It would be impossible to capture in several episodes, or even several seasons, of television just how strange it’s been to live through Pandemic 2020. Yet, the new Netflix anthology series Social Distance, from the team behind Orange Is the New Black, definitely has a knack for tapping into the odder realities of this moment, from the mundane to the momentous. In the dramedy’s screen-based world of Zoom funerals and remote learning, VR chats and Grindr hookups, a cast of familiar faces — including OITNB‘s Danielle Brooks, Scandal‘s Guillermo Díaz, and Will & Grace‘s Brian Jordan Alvarez — reflect the myriad ways people are staying connected, while forced to remain apart.
Creator Hilary Weisman Graham says the series started as “a crazy idea” she had in early March, when COVID-19 lockdowns first altered our sense of what it means to be distant. “It was Monday, March 16th, that I woke up in a full-scale panic,” she says. “This is basically right after the first weekend, where we were all processing the closure of the New York City school system, and like Tom Hanks had it, and all of that, when it was like, ‘Oh, shit, shit’s getting real.’ And I was in a panic thinking about all of it.”
All of it, for Graham, as with anyone else, included her own livelihood as a TV writer and screenwriter. “What studio or network is going to let us into a soundstage with two hundred other people, and really ancient ventilation systems, and make a movie or TV show? Why would they want to pay for it? I mean, writers are neurotic, prone to paranoid spiraling,” she jokes. “And then out of that, came this idea. It’s like, ‘Well, this is the only way we can do it. We’ll have to shoot remotely.'”
After kicking the concept around with award-winning OITNB producers Jenji Kohan and Tara Herrmann for about a week, Graham was eager to get the show on the road. “I remember just being like, ‘I bet other people are going to think of something like this — we have to go to Netflix.’ I texted Jenji and she’s like, ‘I already emailed them.’ We ended up pitching it to Netflix on March 31. April 20 we started in the writers room. And June 12, we started shooting.”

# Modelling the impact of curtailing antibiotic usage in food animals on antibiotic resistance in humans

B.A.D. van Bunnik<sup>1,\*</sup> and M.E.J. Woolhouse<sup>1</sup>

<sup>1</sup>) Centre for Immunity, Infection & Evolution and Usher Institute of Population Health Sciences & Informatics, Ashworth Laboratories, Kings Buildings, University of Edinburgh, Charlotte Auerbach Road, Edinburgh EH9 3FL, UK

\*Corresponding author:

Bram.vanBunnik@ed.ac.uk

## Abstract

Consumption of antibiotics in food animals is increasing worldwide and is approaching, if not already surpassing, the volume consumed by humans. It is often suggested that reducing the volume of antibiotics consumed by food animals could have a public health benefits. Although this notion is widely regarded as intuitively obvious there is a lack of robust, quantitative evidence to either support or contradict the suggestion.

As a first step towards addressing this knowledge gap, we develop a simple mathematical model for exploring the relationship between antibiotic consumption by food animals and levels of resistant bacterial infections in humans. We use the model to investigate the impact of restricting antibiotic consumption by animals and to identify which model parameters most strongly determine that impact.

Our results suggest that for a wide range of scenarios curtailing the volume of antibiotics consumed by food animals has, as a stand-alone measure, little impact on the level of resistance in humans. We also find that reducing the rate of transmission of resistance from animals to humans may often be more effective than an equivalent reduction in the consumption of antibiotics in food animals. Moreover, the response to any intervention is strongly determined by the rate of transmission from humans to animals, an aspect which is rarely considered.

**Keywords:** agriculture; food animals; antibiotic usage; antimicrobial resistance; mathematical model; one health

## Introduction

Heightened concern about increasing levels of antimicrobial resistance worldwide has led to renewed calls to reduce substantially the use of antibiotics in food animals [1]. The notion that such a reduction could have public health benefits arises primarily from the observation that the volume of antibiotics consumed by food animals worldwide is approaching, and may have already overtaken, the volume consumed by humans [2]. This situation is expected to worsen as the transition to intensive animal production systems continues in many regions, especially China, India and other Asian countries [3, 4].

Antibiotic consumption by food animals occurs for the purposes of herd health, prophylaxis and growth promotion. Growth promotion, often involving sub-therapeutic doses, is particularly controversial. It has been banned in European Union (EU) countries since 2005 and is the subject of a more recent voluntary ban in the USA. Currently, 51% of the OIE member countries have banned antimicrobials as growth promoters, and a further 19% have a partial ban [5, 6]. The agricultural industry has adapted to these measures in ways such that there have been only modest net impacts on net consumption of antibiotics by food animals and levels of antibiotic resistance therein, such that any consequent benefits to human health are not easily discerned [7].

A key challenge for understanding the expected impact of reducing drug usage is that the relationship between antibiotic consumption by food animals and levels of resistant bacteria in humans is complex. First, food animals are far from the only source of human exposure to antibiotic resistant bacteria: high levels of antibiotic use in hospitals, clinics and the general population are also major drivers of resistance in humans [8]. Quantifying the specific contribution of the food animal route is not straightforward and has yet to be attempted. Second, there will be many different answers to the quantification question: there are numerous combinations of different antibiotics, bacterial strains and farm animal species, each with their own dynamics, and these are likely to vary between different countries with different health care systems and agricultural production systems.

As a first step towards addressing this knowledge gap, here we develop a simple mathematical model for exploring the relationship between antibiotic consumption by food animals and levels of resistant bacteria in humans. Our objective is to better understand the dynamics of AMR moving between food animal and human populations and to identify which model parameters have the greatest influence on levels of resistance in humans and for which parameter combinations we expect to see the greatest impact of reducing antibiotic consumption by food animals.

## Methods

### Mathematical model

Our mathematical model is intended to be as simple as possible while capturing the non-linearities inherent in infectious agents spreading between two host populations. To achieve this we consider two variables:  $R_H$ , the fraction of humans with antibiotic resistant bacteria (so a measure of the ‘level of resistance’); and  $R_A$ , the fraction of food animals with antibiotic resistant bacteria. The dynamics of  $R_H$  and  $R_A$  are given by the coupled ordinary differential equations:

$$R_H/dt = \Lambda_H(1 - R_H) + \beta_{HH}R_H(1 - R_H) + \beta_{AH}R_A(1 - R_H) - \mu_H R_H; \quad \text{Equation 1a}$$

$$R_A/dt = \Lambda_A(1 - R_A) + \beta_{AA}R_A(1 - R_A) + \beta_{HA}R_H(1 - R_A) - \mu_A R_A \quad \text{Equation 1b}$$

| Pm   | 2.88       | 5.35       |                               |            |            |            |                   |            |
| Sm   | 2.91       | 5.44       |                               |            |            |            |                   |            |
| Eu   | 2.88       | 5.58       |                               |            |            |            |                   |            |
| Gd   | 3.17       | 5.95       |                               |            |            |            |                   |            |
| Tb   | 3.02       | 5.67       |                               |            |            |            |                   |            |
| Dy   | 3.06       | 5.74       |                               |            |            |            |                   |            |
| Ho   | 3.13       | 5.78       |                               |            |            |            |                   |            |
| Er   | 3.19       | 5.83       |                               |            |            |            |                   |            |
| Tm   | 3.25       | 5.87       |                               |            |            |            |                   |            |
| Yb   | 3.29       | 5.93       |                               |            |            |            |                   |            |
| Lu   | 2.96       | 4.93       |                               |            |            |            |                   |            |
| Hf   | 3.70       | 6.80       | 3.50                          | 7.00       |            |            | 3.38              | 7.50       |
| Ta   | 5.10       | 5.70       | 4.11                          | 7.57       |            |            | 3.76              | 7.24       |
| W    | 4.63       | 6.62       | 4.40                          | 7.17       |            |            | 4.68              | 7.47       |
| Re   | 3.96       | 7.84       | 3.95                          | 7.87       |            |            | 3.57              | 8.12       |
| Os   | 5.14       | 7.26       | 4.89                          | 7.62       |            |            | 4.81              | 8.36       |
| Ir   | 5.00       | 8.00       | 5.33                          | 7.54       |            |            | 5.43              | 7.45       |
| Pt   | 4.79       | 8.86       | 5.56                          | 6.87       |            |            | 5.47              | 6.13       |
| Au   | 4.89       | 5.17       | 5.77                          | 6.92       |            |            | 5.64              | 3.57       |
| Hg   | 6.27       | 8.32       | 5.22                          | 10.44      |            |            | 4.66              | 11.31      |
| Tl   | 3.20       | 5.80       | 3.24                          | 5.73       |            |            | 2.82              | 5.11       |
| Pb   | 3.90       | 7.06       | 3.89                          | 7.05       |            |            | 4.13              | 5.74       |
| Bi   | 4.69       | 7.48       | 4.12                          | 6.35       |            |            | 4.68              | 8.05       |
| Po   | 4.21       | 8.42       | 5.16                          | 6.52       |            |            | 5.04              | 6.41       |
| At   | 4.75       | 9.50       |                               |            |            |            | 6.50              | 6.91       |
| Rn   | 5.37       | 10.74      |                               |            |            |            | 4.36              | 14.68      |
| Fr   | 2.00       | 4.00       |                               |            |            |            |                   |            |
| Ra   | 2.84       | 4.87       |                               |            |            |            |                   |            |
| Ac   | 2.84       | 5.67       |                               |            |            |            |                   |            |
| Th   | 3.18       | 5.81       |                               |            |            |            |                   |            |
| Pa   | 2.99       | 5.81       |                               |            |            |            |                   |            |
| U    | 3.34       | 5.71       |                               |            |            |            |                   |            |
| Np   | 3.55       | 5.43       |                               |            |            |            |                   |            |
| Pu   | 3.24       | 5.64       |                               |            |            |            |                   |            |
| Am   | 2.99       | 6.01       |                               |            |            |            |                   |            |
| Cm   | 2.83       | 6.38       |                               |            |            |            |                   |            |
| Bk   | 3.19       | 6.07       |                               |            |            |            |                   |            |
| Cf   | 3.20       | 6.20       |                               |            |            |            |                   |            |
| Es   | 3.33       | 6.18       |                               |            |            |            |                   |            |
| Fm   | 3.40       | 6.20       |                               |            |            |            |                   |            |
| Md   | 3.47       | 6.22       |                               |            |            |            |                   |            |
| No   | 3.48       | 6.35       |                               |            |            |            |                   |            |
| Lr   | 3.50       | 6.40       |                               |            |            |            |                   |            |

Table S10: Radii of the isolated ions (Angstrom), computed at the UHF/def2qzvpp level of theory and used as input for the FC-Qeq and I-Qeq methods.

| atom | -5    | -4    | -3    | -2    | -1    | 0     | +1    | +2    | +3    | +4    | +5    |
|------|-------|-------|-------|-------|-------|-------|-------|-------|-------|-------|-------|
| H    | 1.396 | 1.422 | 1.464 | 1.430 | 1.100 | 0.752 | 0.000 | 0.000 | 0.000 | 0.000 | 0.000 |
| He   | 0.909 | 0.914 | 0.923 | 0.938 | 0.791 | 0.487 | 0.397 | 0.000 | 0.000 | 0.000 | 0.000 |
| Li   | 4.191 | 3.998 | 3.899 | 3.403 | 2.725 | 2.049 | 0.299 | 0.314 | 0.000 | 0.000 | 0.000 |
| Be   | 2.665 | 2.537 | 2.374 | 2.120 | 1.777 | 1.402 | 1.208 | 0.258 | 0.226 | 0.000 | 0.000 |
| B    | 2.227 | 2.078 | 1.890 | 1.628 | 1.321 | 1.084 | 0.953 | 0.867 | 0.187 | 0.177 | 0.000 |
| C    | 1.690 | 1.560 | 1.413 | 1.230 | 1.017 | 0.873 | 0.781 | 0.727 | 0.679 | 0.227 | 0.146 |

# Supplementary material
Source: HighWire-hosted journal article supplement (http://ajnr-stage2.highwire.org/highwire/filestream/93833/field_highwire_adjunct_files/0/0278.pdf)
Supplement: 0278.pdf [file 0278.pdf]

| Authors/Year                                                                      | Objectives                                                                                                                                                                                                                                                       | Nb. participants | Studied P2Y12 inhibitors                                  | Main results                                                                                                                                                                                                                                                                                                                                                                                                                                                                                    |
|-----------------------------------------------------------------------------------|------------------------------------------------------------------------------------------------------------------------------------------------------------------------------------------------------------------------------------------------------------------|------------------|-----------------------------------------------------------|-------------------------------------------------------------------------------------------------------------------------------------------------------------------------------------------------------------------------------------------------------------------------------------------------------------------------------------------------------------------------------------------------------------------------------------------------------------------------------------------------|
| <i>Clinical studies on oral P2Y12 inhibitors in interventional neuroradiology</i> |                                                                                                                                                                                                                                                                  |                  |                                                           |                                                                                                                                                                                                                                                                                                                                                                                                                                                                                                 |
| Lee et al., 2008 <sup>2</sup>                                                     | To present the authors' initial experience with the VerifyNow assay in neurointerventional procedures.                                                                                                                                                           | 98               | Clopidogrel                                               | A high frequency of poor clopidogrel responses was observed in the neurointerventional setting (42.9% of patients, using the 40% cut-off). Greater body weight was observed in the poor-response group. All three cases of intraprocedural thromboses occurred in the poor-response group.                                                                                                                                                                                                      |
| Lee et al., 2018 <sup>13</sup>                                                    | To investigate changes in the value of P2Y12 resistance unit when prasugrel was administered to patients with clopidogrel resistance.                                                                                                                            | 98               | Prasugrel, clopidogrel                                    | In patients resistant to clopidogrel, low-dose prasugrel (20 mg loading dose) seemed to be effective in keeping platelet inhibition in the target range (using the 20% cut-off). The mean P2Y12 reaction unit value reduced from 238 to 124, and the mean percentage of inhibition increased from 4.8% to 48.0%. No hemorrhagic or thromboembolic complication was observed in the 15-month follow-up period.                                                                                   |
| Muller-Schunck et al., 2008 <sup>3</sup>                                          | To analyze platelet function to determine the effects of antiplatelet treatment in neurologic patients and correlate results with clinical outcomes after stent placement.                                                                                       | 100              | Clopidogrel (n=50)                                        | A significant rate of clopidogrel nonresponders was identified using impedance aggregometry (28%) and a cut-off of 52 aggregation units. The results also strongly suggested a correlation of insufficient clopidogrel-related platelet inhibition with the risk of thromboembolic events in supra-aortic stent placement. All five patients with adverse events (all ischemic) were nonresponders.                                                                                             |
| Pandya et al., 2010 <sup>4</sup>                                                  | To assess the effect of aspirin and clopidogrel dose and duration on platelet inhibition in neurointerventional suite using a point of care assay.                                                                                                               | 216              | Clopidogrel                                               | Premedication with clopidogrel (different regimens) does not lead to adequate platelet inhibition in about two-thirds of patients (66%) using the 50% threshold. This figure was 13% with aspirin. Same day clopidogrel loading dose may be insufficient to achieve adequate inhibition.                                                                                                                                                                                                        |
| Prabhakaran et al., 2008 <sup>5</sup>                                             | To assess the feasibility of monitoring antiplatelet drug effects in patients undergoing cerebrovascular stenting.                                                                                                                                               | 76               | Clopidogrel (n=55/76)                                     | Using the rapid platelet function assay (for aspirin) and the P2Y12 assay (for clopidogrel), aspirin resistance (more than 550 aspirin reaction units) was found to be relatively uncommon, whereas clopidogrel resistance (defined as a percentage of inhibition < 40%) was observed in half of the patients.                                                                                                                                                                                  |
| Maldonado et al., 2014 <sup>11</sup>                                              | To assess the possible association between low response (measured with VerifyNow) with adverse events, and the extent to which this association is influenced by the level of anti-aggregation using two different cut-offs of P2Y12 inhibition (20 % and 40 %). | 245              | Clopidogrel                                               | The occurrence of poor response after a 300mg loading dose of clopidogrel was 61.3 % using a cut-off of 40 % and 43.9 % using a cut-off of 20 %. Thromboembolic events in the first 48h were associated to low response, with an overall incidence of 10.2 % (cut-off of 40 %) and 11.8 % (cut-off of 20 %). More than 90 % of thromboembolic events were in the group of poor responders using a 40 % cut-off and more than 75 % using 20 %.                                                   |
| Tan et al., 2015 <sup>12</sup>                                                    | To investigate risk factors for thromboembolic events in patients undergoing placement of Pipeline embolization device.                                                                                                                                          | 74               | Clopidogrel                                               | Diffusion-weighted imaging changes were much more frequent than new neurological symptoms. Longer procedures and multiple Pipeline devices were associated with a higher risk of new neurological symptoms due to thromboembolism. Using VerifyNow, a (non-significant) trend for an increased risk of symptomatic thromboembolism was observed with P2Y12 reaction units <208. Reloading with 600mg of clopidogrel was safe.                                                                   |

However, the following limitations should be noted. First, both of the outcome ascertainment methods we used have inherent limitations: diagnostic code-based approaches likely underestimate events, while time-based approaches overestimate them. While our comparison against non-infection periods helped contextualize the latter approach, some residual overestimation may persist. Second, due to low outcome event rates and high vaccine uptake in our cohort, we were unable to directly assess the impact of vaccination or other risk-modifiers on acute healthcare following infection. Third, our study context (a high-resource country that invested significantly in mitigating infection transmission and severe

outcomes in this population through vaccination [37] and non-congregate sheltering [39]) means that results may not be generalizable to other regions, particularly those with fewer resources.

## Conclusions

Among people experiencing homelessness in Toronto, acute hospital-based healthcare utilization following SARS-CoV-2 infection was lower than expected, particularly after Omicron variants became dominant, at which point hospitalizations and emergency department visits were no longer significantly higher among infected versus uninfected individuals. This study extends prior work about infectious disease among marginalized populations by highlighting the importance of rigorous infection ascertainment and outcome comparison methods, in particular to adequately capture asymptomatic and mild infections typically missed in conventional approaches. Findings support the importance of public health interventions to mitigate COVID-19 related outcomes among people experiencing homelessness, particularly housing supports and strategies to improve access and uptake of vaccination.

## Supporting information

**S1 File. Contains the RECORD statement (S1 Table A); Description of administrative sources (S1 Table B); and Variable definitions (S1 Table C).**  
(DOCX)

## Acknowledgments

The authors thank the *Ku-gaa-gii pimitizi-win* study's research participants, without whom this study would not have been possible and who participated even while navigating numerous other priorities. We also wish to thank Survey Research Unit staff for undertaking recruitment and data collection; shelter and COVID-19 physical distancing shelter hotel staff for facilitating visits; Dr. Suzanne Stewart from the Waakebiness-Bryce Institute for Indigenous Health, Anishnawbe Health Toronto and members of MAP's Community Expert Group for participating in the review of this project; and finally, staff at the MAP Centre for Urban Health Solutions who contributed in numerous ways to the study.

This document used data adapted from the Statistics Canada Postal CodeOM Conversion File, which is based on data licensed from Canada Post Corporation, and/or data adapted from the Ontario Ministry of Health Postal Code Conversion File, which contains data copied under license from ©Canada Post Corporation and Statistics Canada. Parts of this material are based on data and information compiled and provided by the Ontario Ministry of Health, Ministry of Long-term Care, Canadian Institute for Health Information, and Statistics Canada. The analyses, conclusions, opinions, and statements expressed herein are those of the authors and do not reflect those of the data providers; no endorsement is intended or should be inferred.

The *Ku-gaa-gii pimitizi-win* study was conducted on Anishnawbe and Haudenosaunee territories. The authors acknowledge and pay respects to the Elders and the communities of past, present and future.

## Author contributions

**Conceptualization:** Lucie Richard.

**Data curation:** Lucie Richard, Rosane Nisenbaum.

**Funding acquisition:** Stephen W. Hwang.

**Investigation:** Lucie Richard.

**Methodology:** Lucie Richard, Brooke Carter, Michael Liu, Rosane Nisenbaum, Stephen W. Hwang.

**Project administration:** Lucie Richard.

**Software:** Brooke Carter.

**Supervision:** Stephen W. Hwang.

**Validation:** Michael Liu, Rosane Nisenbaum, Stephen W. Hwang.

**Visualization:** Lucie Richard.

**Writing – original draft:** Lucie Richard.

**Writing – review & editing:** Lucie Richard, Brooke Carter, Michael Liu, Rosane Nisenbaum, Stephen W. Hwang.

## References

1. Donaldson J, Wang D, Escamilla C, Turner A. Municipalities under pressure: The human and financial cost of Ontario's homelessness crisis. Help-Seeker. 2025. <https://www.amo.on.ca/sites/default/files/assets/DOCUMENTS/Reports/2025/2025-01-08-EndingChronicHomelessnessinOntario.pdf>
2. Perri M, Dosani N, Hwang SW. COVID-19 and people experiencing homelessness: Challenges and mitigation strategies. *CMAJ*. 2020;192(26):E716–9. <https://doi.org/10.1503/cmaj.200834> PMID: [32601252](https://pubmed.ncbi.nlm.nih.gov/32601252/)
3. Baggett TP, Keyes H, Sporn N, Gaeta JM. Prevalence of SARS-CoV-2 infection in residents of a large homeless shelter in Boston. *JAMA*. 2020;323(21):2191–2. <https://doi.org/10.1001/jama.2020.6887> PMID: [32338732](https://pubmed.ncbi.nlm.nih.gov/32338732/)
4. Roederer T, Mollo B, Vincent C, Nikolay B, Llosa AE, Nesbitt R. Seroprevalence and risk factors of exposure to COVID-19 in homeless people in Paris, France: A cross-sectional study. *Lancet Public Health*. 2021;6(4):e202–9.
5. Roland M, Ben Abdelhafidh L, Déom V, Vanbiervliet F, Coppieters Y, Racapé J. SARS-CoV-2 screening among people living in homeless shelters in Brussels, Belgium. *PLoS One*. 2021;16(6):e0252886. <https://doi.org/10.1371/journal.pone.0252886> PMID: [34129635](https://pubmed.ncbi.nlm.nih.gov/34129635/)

Social Distance conveys that immediacy both in its storylines, which generally steer clear of overt politics, and in the array of apps and devices that characters use to stay connected. In the show’s fourth episode, for example, a gay couple (played by Alvarez and Max Jenkins), at odds over lockdown housekeeping, turns to a Grindr threesome to spice up the monotony. The episode’s writer, Anthony Natoli, says he didn’t have to look farther than his phone for inspiration. “Day one of the two-week lockdown, I was still getting messages on every app to meet and hook up. And that did not stop throughout all of the lockdown,” he recalls.
“I just thought it was really interesting the way that the gay community that I was seeing, at least through the apps, was dealing with this thing, because it wasn’t expected. And my status on the apps was ‘Not Meeting,’ like ‘Chat Only,’ or whatever. But a lot of people were not on that same page. It’s just, I guess, the reality.”
Intent on portraying many dimensions of an unprecedented reality, the show isn’t intended as an historical record of the pandemic. “It’s about a moment in time,” says Graham. “And about our feelings and about the complexity of it all and the everyday emotional rollercoaster that’s sometimes like a minute-by-minute emotional rollercoaster.